Tax Cut Flop: 1080 fails to revive torpid retail sector

by Alan Austin | Nov 9, 2019 | Business, Economy & Markets

Despite Treasurer Frydenberg’s $1080 tax cut, the retail sector is now in its third year of per capita recession and it’s not just the internet to blame. Alan Austin unpacks the latest retail sales data and how it reflects Australia’s poor economic management.

The collapse last week of chic furniture retailer Zanui has cost many customers a lot of money and considerable anguish. Not to mention staff now jobless. But there is one positive, if we think laterally.

Hundreds of retailers have closed in Australia over the last few years, so Zanui’s demise is nothing new. But supporters of the Coalition Government, including business councils and the mainstream media, have blamed this on increased online sales.

For example, just in September, ABC News claimed liquidated fashion retailer Forever 21 was one of many companies to “have filed for bankruptcy as more customers shift to online retailers such as Amazon.”

The Financial Review also asserted recently that “a growing list of bricks-and-mortar groups have succumbed to the onslaught of e-commerce companies such as Amazon.”

Now, here’s the thing. Zanui is an online retailer. Or was. It was not a bricks-and-mortar store. So the retail slump has nothing to do with the shift to online sales, but everything to do with the vast wealth currently generated in Australia not being shared equitably. If we understand this, we can begin to see causes and find workable solutions.

Shirking the shopping

The Australian Bureau of Statistics (ABS) has reported an disturbing decline in retail sales since 2016 when annual growth in the sector fell to an alarming 3.45%. These ABS numbers on retail sales actually include online sales. The economics reporters at the ABC and the Fin Review really should know this.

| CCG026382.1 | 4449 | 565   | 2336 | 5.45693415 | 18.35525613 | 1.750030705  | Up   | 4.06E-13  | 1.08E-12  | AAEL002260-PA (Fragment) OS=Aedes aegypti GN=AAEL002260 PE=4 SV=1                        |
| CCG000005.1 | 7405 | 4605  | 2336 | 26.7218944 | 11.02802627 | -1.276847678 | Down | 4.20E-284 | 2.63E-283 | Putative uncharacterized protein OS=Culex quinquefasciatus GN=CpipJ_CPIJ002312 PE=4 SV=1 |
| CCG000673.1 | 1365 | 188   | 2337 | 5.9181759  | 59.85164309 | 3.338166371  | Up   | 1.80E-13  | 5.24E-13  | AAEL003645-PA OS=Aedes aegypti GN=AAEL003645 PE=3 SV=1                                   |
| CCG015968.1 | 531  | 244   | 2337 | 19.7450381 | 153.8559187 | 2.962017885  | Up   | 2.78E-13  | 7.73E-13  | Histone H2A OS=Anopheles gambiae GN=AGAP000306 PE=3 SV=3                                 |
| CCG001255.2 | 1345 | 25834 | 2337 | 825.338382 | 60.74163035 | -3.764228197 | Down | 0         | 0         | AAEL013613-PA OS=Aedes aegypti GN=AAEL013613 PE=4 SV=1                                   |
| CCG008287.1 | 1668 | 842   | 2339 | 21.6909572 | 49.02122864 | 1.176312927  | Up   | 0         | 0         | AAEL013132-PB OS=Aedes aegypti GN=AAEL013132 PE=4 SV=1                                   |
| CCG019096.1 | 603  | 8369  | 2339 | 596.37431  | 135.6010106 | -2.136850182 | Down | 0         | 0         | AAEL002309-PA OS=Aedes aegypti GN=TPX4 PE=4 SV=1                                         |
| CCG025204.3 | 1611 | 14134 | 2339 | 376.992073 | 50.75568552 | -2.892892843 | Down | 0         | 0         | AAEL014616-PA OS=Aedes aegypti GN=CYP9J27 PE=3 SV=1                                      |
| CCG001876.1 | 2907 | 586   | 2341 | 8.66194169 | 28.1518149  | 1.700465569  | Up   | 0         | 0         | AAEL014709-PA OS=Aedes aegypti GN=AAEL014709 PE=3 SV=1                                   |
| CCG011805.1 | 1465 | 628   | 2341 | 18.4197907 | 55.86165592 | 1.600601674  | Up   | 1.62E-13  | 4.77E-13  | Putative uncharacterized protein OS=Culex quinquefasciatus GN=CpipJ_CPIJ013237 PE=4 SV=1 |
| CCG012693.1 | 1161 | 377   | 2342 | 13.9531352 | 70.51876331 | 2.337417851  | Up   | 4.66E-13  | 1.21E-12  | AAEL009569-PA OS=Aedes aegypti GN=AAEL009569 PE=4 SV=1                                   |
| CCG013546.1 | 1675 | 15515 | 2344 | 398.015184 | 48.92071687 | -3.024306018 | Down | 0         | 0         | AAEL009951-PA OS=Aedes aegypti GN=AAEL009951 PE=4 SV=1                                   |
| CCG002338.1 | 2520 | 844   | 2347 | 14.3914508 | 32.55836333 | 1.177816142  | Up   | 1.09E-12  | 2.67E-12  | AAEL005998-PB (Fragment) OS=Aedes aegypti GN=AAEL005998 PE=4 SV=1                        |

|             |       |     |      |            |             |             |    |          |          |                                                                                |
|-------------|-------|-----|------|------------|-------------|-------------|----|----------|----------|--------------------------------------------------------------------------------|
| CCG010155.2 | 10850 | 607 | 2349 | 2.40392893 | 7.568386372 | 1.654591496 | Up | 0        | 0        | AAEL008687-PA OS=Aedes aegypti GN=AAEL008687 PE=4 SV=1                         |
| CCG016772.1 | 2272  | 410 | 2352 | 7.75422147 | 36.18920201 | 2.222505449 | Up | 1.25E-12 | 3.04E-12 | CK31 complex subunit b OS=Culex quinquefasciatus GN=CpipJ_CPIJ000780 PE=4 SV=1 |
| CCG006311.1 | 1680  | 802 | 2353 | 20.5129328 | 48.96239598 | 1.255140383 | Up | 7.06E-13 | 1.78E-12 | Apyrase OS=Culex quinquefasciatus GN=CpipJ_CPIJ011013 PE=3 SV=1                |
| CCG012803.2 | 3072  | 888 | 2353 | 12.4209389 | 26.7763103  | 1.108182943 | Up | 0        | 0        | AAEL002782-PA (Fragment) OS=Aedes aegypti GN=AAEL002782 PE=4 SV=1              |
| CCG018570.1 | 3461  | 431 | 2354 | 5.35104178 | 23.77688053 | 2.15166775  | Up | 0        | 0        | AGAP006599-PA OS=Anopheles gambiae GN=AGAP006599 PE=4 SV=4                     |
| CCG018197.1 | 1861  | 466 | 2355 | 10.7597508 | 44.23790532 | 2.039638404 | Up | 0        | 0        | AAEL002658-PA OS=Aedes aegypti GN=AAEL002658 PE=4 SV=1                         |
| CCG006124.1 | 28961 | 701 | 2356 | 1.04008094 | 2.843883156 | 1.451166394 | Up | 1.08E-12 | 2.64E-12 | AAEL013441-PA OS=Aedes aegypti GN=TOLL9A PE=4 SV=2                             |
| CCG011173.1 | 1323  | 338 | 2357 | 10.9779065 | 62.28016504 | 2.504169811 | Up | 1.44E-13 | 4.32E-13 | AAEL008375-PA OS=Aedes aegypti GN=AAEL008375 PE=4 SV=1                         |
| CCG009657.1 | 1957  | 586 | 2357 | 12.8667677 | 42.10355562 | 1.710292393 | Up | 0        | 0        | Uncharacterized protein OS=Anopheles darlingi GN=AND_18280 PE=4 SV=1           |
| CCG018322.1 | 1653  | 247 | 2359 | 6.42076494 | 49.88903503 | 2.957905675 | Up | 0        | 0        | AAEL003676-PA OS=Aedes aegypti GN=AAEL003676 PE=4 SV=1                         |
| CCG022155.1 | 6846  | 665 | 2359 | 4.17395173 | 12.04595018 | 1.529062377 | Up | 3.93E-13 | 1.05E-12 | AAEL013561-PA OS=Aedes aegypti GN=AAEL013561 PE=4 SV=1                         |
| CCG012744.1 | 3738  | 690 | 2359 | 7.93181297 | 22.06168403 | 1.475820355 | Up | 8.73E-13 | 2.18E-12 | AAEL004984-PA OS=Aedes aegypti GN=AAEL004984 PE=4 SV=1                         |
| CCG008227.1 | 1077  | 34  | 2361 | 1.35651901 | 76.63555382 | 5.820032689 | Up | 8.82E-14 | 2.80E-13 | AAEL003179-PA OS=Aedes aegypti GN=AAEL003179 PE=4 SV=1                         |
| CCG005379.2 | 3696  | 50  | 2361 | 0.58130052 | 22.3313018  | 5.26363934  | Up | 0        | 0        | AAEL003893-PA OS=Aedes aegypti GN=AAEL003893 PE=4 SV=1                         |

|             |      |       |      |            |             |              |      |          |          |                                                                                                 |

We now have retail sales figures for the full first quarter of the current financial year. They confirm Australia’s local economy is in a serious long-term decline.

Retail sales for the September quarter came to $82.6 billion, up just 2.48% on the same quarter a year ago. With inflation at 1.7% and population rising 1.6%, that is a decline in real terms relative to population. So the sector is now in its third year of per capita recession.

This follows a rise of just 3.42% in the first quarter a year ago, and a miserable 2.43% for the equivalent quarter two years ago. Three years ago, the rise was just 3.25%. So for four straight years, retail sales growth in the first quarter, July to September, has been below 3.5%.  That’s since Scott Morrison became treasurer, and then prime minister.

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This is the only time this has happened since records began back in the Fraser years. In fact, only once have there been two consecutive years of retail sales growth below 3.5%. That was during Paul Keating’s “recession we had to have” in 1993, and was followed by lifts of 8.4% in 1994 and 8.0% in 1995.

So it’s fair to say the retail industry is doing it tougher now than at any time since the ABS has been keeping track.

Other retailers to fold in the last year include Karen Millen, Ed Harry, Skins, Napoleon Perdis, Topshop, Shoes of Prey, Stylerunner and Benny Burger. Several chains, including Roger David, Big W and Target are closing stores.